The Central Bank has kept both repurchase and reverse repurchase rate at two-year highs of 7.75 percent and 9.75 per cent, respectively, since April, despite a pickup in annual inflation to a 41-month high in June.
“Those are appropriate,” Central Bank Governor Ajith Nivard Cabraal told Reuters in an interview.
“The only reason why we do not see a major need to make changes is that the spiking of inflation last month is entirely due to supply side factors. It has nothing to do with the demand side. The demand side is very much under control.”
The Central Bank will announce its July policy rates on Wednesday at 0200 GMT.
Annual inflation hit 9.3 per cent year-on-year in June, its highest since January 2009, as a sharp depreciation of the Sri Lankan Rupee amplified import costs, and as food prices were hit by supply constraints due to drought and government policies to discourage selected imports.
The International Monetary Fund (IMF) said on 15 June that annual inflation may accelerate to 9.5 per cent this year and stressed the need for Colombo to keep monetary policy focused on price pressures “for the time being”.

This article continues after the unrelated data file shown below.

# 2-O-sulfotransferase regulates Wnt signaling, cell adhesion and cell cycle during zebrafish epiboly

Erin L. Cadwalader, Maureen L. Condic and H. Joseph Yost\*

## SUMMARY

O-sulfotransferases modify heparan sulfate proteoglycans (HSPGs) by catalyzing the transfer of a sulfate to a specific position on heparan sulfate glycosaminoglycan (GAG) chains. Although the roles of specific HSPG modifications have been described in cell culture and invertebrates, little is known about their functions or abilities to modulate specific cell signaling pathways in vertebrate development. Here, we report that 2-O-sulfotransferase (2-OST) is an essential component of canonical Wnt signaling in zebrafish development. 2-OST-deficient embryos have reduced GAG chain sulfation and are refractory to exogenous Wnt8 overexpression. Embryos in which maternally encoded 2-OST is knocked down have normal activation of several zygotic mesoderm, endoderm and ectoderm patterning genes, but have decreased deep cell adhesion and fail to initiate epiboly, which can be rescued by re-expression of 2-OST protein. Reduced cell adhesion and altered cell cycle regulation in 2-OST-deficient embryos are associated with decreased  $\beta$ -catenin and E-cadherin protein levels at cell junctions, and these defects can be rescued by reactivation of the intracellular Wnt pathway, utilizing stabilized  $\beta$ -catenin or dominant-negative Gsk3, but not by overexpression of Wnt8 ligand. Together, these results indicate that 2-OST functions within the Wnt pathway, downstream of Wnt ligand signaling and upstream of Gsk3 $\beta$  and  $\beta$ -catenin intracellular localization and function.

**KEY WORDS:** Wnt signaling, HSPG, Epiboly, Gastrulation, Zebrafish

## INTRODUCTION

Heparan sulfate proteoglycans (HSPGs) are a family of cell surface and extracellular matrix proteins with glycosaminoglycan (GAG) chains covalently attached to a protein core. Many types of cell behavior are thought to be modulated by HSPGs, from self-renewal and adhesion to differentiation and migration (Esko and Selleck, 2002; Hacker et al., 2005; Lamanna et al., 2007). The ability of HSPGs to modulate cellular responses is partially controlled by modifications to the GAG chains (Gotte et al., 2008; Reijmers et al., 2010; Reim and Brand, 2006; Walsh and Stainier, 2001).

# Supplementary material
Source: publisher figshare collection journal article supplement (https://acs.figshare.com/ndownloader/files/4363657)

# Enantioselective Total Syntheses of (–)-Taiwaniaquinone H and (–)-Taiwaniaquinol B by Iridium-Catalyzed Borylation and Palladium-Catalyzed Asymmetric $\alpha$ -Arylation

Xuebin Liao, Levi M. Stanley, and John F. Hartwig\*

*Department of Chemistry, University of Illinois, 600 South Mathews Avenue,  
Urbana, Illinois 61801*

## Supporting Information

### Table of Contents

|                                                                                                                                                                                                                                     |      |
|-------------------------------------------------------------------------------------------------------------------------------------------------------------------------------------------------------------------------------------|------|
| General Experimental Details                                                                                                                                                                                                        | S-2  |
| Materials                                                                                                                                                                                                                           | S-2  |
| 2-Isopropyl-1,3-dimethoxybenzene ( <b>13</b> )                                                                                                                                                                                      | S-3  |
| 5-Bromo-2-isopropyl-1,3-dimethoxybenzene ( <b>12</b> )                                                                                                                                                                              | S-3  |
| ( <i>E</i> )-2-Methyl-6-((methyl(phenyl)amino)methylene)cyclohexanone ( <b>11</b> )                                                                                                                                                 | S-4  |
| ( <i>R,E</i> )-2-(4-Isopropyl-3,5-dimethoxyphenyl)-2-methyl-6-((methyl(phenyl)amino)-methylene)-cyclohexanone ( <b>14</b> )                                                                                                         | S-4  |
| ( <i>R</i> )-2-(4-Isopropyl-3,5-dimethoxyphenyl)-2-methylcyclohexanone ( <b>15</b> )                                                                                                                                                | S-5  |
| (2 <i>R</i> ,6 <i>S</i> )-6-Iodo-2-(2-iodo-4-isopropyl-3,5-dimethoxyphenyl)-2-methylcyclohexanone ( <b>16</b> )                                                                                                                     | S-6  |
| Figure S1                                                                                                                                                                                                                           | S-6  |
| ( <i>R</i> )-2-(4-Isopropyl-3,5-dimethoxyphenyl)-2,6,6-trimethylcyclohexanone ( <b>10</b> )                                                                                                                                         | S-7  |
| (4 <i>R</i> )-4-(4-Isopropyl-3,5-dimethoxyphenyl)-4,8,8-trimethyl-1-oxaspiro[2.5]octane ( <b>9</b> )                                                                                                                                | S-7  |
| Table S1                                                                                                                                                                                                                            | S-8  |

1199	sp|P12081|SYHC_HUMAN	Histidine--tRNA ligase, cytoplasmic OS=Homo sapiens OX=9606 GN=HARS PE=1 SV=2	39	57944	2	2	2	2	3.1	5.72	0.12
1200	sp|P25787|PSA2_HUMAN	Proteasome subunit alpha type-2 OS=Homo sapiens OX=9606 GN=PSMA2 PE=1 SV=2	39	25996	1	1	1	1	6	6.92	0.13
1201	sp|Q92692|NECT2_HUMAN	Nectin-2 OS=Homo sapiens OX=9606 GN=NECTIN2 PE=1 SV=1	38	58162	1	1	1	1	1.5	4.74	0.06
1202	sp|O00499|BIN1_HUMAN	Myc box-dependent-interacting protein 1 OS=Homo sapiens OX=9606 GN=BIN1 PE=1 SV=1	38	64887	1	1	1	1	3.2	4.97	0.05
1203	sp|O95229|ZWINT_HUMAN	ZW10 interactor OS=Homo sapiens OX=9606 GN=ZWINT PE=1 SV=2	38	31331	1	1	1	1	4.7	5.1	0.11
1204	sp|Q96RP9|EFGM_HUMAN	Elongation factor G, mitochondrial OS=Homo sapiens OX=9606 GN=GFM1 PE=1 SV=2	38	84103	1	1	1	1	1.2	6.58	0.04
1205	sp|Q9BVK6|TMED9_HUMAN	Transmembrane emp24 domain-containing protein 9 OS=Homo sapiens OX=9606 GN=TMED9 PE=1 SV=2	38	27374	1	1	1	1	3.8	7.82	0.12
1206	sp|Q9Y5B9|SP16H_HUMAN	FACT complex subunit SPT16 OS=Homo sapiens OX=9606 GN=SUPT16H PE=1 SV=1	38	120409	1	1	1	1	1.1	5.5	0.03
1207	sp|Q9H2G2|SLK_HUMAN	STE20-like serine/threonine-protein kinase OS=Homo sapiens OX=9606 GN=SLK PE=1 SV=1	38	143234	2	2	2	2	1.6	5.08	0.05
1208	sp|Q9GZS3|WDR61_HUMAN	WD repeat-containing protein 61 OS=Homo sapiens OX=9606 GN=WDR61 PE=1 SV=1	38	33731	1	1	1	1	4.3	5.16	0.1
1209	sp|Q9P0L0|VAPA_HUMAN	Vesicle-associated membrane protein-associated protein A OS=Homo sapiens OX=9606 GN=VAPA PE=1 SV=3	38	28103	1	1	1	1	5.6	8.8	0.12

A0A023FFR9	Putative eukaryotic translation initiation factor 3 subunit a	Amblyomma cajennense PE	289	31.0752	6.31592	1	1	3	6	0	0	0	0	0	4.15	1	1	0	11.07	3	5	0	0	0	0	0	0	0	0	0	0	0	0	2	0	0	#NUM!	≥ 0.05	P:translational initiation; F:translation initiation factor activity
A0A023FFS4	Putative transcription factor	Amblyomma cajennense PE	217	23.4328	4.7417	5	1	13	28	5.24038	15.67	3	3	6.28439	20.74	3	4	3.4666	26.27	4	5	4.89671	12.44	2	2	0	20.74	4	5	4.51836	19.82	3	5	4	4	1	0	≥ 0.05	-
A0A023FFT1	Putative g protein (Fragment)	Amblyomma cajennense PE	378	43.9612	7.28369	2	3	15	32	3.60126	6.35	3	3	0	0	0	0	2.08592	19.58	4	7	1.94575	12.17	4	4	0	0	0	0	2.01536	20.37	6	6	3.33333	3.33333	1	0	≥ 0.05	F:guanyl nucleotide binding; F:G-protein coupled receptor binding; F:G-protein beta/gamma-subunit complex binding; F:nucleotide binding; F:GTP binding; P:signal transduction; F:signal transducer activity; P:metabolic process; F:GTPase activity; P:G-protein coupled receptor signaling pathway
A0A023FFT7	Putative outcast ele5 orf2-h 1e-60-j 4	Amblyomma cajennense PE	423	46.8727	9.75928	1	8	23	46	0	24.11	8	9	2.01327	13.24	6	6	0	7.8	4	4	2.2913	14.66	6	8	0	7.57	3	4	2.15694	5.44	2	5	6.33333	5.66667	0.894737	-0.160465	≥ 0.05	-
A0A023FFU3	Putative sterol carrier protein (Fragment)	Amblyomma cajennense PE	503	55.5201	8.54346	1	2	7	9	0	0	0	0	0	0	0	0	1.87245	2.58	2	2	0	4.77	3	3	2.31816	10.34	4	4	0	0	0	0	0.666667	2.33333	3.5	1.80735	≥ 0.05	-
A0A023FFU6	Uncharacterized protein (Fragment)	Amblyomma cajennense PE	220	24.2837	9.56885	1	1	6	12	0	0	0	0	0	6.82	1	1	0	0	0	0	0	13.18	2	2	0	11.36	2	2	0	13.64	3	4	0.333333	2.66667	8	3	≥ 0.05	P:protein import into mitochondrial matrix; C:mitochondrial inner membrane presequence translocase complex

Cabraal said the Central Bank has discussed policies with relevant officials regarding food supply constraints.
“With the policies that could deal with the supply side, we are confident of inflation easing,” he said, without elaborating on the policies that are intended to reduce prices of vegetables and other locally produced farm products.
Sri Lanka has not seen double-digit annual inflation since January 2009.
It adopted a new consumer price index in June last year, angering opposition politicians who accused the government of manipulating the data to lower the inflation rate and to cool discontent over the rising cost of living.
Despite the spike in the annual inflation, Cabraal said the bank’s annual inflation target of 7-8 per cent is still achievable.
“We have seen no reason to change that (target),” he said. “If the policies are working, especially supply side, we will see those targets remaining where we have projected.”